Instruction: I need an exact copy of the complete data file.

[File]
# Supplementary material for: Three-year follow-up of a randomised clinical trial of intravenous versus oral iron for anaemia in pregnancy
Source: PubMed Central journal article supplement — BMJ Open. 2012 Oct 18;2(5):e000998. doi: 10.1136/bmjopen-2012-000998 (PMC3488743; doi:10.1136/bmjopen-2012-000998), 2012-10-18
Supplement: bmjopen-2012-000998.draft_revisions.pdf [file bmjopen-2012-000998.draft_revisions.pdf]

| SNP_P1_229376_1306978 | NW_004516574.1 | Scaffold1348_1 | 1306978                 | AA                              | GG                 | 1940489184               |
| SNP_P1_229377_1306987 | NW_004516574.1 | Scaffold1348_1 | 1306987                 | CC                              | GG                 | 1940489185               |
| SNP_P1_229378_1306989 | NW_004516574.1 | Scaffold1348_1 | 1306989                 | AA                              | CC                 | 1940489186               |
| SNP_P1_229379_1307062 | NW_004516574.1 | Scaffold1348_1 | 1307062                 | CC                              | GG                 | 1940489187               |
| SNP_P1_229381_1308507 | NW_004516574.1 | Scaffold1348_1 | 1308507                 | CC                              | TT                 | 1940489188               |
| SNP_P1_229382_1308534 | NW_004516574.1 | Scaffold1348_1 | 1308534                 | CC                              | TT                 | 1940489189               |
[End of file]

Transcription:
# Supplementary material for: Three-year follow-up of a randomised clinical trial of intravenous versus oral iron for anaemia in pregnancy
Source: PubMed Central journal article supplement — BMJ Open. 2012 Oct 18;2(5):e000998. doi: 10.1136/bmjopen-2012-000998 (PMC3488743; doi:10.1136/bmjopen-2012-000998), 2012-10-18
Supplement: bmjopen-2012-000998.draft_revisions.pdf [file bmjopen-2012-000998.draft_revisions.pdf]

| SNP_P1_229376_1306978 | NW_004516574.1 | Scaffold1348_1 | 1306978                 | AA                              | GG                 | 1940489184               |
| SNP_P1_229377_1306987 | NW_004516574.1 | Scaffold1348_1 | 1306987                 | CC                              | GG                 | 1940489185               |
| SNP_P1_229378_1306989 | NW_004516574.1 | Scaffold1348_1 | 1306989                 | AA                              | CC                 | 1940489186               |
| SNP_P1_229379_1307062 | NW_004516574.1 | Scaffold1348_1 | 1307062                 | CC                              | GG                 | 1940489187               |
| SNP_P1_229381_1308507 | NW_004516574.1 | Scaffold1348_1 | 1308507                 | CC                              | TT                 | 1940489188               |
| SNP_P1_229382_1308534 | NW_004516574.1 | Scaffold1348_1 | 1308534                 | CC                              | TT                 | 1940489189               |